Can Surface Plasmon Resonance Provide a Biologically Relevant Assay Readout?

Is your biochemical assay not sensitive enough to characterize inhibitors with affinities of hundreds of µM?  Does your assay suffer from false readout from the intrinsic fluorescence of compounds at high concentration?  Did you know that Surface Plasmon Resonance (SPR) can be set up in such a way that the readout represents the biologically relevant interaction of two biological partners, and therefore it can directly detect compounds disrupting such interactions?

In the example below, we describe how a biologically relevant SPR assay can assist compound validation in the early stage of hit discovery. We screened the ZoBio fragment library against an epitranscriptomic reader (Reader) immobilized on a sensorchip using SPR (which we refer to as the forward SPR assay (fSPR)). The Reader specifically recognizes riboadenosine that has been methylated at the 6 position (m6A). Our aim was to identify small molecules that inhibited the Reader binding to m6A containing oligo ribonucleotides. The subsequent dose-response study using fSPR confirmed approximately 100 chemically unique hits with affinity for the Reader in the range of 50 to 1,000 µM. We needed an efficient and artifact-free way to filter out irrelevant hits (that is, those that did not prevent the Reader-m6A RNA interaction), so we setup an SPR assay with a biologically relevant readout. In what we refer to as an inverse SPR  assay (iSPR), we immobilized the m6A containing oligo ribonucleotide on a sensorchip (Figure 1A) and monitored the binding of the Reader by the SPR sensorgrams (Figure 1B).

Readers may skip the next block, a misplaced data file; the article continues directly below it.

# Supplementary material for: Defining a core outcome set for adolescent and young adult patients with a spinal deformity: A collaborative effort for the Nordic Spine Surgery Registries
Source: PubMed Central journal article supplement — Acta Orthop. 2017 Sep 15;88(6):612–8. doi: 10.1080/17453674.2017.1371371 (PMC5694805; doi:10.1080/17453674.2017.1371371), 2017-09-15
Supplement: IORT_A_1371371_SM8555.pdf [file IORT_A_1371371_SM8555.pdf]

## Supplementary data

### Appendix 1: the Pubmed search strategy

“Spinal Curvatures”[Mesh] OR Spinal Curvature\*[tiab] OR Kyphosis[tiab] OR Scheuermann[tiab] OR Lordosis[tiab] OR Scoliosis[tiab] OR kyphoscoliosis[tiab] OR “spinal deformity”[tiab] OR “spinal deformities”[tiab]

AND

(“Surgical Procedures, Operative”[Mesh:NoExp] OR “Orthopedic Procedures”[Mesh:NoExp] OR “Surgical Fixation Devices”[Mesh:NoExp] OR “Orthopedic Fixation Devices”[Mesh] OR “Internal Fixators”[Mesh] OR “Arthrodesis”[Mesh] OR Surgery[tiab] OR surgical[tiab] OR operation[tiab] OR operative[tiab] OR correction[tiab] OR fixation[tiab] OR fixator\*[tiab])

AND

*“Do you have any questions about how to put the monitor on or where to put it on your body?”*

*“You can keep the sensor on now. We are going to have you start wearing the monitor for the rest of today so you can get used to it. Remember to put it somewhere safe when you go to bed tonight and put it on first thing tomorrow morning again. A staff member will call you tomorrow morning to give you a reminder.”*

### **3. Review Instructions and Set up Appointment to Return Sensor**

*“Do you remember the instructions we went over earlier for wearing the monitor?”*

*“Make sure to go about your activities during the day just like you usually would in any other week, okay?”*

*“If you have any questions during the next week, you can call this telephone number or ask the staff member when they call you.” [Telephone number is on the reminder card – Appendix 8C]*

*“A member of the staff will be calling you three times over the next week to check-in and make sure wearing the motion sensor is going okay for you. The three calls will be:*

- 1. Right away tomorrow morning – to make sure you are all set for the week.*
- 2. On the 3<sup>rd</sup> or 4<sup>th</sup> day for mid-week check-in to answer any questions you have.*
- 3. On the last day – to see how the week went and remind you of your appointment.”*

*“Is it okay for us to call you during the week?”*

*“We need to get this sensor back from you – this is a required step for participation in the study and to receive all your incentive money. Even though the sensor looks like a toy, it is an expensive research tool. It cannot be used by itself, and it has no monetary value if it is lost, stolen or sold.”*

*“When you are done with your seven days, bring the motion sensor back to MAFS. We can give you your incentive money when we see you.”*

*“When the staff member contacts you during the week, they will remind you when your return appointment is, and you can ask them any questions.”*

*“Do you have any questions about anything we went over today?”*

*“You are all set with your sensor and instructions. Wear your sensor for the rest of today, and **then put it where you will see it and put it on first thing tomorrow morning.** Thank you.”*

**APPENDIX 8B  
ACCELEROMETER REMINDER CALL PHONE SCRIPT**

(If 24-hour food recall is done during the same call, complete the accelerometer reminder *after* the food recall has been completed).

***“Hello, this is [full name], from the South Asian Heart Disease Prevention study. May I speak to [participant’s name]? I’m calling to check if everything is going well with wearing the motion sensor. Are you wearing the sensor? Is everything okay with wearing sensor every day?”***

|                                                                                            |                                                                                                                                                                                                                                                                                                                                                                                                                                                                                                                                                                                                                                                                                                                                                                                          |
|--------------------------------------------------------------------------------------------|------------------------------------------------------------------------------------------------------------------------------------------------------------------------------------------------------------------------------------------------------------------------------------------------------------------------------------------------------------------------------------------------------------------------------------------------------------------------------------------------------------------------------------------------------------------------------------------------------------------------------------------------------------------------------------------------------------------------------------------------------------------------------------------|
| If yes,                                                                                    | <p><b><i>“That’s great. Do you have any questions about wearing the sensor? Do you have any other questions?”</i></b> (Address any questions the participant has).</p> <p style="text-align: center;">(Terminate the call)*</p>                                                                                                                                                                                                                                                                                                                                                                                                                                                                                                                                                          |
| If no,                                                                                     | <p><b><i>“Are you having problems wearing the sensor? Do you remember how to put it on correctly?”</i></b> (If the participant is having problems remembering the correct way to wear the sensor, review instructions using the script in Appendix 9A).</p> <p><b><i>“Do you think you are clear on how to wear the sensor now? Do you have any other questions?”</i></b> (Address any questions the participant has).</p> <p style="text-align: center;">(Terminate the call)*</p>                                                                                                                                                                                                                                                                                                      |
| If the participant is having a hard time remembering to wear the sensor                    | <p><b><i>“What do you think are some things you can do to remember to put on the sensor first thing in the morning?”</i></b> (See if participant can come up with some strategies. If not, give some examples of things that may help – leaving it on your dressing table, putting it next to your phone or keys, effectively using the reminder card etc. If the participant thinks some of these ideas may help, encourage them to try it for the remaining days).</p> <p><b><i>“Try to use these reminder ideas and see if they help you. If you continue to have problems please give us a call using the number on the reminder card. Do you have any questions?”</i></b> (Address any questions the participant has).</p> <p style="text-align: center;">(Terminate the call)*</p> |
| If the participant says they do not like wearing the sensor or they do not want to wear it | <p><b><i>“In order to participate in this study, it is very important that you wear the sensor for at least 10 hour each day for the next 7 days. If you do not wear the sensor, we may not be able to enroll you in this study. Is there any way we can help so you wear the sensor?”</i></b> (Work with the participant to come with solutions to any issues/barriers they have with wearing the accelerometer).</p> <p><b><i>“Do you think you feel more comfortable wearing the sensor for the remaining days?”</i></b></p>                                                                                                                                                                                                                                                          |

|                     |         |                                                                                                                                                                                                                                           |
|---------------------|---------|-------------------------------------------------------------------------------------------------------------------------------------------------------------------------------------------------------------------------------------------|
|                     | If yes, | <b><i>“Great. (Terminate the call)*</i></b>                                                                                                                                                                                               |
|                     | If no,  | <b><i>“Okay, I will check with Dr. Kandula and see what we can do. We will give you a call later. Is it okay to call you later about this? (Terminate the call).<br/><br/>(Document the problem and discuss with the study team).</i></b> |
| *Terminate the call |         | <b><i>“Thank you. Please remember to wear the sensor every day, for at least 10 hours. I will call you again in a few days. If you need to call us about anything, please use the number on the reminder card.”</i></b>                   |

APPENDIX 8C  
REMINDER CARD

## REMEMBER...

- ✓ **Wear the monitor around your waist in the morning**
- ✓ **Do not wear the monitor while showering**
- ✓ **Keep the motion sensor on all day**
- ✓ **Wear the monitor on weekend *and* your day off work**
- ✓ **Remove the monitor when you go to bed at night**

Figure 1. A) Schematic presentation of an inverse SPR assay where the Reader protein binding to the immobilized m6A oligo ribonucleotide was monitored. B) The SPR sensorgrams  of the Reader binding to the immobilized m6A oligonucleotide at increasing concentration. The affinity was determined by fitting the equilibrium response to a 1:1 binding model yielding a KD of 0.7 µM.

In iSPR, if a ligand binds in the m6A pocket of the Reader, it should prevent binding to the immobilized oligo ribonucleotide, resulting in a reduction of the SPR response (Figure 2A).  Two of the 100 confirmed fragment hits (1 and 2) displayed very similar affinity for the Reader (KD = 70 and 100 µM respectively, not shown) in the fSPR assay. However, when assayed by iSPR, only 1 reduced the SPR response in a concentration dependent manner (Figure 2B left) while 2 had almost no impact (Figure 2B right). This data suggests that there are at least 2 small molecule binding sites on the reader and only 1 targeted the relevant m6A site. The iSPR-based discrimination was highly accurate as subsequent orthogonal binding site mapping using protein observed NMR had a 100% confirmation rate (not shown).  The iSPR assay allowed high throughput removal of irrelevant hits and was used to direct the follow-up structural biology and medicinal chemistry efforts to ensure that all compounds of interest had the desired biological activity.

Figure 2. A) Schematic presentation of the inverse SPR assay being used to assess biological activity of confirmed hits. B) Fragments 1 and 2 bound the Reader with affinity of 70 and 100 µM respectively in fSPR. We assessed the biological activity of 1 and 2 using iSPR which clearly showed that only 1 inhibited Reader binding to its target RNA (left) while 2  bound at a site that was irrelevant for the desired Mode of Action (right).

That’s Science in the Cauldron, finding new ways to get the information you need to keep your drug discovery campaign moving forward.